I have been remiss in not mentioning before that our fellow blogger Bronwyn Parry has been unwell. Partner Gordon Smith has been posting regular updates on Bronwyn's blog. Fortunately Bronwyn seems to have come through a very serious operation okay.
In this blogging round-up, I thought that I would focus on New England photographic blogs, or at least blogs with a high photographic content. I also thought that I should write in such a way as to make the post more accessible to those who do not know New England, including the large number of US visitors attracted by the title.
For the benefit of those who do know New England, the New England or Northern Tablelands is Australia's largest tablelands and stretches from the Hunter Valley into southern Queensland. When I speak of New England I mean not just not the Tablelands, this is often described as the New England, but also the river valleys that flow from the Tablelands to the west, north, east and south. While diverse, it is an area also united by geography and history.
The boundaries ascribed to New England and hence its size vary. However, the boundaries set by the 1935 Nicholas Commission as suitable for self-government within the Australian Federation cover an area of 64,000 square miles, 166,000 square kilometres. The area I cover in my present history of New England project is actually larger, because it includes part of New England now included in Queensland.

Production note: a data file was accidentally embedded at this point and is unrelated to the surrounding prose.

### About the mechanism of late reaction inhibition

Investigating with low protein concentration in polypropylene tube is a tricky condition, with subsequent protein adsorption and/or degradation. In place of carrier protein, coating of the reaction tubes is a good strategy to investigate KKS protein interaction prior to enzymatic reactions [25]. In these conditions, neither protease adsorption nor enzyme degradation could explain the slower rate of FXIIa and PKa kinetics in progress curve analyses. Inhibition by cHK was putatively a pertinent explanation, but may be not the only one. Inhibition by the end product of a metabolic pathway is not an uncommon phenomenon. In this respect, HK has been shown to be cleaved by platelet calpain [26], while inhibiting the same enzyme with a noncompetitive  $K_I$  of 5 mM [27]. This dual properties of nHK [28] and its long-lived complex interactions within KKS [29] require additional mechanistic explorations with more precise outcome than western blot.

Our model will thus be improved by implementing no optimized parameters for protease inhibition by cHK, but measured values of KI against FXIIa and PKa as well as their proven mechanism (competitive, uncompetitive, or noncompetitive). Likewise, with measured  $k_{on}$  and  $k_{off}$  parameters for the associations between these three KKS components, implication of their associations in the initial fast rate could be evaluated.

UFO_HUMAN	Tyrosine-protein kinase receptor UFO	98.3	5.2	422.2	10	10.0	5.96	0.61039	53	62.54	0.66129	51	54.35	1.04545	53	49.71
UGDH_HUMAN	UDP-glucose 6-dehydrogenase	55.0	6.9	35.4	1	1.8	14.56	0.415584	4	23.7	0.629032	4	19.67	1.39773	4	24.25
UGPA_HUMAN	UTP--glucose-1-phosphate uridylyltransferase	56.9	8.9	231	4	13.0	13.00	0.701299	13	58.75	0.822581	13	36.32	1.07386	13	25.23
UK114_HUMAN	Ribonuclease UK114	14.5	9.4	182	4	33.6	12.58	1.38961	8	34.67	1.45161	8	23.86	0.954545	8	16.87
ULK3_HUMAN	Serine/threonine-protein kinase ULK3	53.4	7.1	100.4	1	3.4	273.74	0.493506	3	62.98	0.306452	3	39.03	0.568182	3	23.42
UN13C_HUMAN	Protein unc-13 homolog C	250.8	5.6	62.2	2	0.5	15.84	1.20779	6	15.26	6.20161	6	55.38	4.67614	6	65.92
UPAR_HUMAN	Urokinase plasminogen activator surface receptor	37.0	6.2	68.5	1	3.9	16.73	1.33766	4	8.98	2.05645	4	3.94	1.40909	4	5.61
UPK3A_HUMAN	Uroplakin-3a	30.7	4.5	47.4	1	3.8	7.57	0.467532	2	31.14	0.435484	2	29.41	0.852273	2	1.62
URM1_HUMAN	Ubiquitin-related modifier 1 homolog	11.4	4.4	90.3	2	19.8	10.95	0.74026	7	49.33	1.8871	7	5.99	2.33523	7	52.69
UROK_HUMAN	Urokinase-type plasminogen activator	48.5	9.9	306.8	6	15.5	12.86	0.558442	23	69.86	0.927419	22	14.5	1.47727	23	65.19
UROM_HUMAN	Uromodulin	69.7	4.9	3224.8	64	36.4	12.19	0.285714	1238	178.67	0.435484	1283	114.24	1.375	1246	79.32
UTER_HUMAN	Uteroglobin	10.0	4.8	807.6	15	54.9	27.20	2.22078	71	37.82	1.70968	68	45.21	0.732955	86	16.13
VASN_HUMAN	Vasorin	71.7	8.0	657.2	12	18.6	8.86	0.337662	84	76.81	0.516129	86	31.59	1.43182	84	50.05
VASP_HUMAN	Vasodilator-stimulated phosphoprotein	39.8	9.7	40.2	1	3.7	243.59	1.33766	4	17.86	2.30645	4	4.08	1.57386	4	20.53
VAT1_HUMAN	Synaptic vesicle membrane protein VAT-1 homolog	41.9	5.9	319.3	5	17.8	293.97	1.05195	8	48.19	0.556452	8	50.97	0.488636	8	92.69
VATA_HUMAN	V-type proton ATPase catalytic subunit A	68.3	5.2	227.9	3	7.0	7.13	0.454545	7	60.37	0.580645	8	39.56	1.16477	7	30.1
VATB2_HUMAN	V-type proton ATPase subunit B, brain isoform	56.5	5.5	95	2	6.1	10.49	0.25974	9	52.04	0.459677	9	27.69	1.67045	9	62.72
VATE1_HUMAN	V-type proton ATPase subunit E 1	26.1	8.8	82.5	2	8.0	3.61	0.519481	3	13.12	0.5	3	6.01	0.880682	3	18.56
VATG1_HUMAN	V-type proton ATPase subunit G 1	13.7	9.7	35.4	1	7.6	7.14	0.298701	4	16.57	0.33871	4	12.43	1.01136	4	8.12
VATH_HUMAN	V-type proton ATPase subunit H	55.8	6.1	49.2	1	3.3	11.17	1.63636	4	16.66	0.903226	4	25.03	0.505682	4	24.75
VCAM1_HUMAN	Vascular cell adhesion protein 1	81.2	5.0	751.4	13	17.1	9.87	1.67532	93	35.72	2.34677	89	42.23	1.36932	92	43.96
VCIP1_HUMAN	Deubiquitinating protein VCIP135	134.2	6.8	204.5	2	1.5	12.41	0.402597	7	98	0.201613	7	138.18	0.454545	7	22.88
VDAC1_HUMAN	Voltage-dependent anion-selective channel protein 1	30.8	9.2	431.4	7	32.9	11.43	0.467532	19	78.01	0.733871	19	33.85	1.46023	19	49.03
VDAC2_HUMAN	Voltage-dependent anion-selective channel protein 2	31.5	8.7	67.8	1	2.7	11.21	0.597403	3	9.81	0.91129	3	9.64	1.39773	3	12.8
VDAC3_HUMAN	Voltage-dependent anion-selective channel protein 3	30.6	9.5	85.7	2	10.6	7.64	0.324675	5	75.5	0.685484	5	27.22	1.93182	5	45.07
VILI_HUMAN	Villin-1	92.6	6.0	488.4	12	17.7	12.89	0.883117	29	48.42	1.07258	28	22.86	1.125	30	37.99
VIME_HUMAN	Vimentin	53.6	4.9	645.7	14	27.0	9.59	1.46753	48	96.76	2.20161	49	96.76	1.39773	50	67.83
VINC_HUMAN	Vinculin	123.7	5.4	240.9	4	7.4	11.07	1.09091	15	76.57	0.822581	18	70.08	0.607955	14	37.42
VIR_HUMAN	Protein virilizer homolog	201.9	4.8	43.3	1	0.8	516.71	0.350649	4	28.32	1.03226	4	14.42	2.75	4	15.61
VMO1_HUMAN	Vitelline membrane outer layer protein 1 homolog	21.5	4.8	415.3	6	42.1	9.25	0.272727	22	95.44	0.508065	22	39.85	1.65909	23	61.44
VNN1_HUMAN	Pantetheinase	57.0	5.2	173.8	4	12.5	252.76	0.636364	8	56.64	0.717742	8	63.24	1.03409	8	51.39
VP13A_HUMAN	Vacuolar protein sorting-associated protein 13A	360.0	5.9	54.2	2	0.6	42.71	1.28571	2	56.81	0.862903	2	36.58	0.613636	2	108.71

Whichever way you cut it, we are talking about a large geographic area. To put this in perspective, England is 50,346 square miles, 130,000 square kilometres.
For those who are interested in a little more, in The colours of New England I tried to paint a picture of the area's diversity using a combination of prose, poetry, photos and painting.
My coverage today begins with a Gordon Smith photo, Storm season begins. This shows storm clouds gathering over the University of New England in Armidale. This attractive if small cathedral and university city is located on the Tablelands and for much of the twentieth century was regarded as the capital in waiting for a self-governing New England state.
The Clarence River, the big river, rises in the Tablelands and flows north before heading east to the sea. This photo by Clarence photo-blogger Mark Bellamy is entitled "Oh the Flame Trees Will Blind a Weary Driver". Mark's caption reads:
Don Walker wrote the lyrics to Flame Trees about Grafton.
It's the classic aussie country town song of love, loss, friendship and anti-nostalgia.
I can't get this tune out of my head at this time of the year.
This song from 1984 is one of the best known ones from Australian band Cold Chisel.
As you might expect given its size, each river valley in New England is different. Then within each valley you find variety again.
The Bellinger River lies to the south of the Clarence. A much smaller river, it runs through a very pretty valley. The first thing that generally strikes a visitor from inland New England is just how green it all is. This photo from Lynne Sanders-Braithwaite is simply entitled REPTON NSW DECEMBER 2010.
Much of life along the rivers flowing from the ranges to the Pacific Ocean centres around the river and nearby sea. This photo from Lynne, again from the Bellinger Valley, is simply entitled NORTH BEACH POOL.
I am out of time now. More later.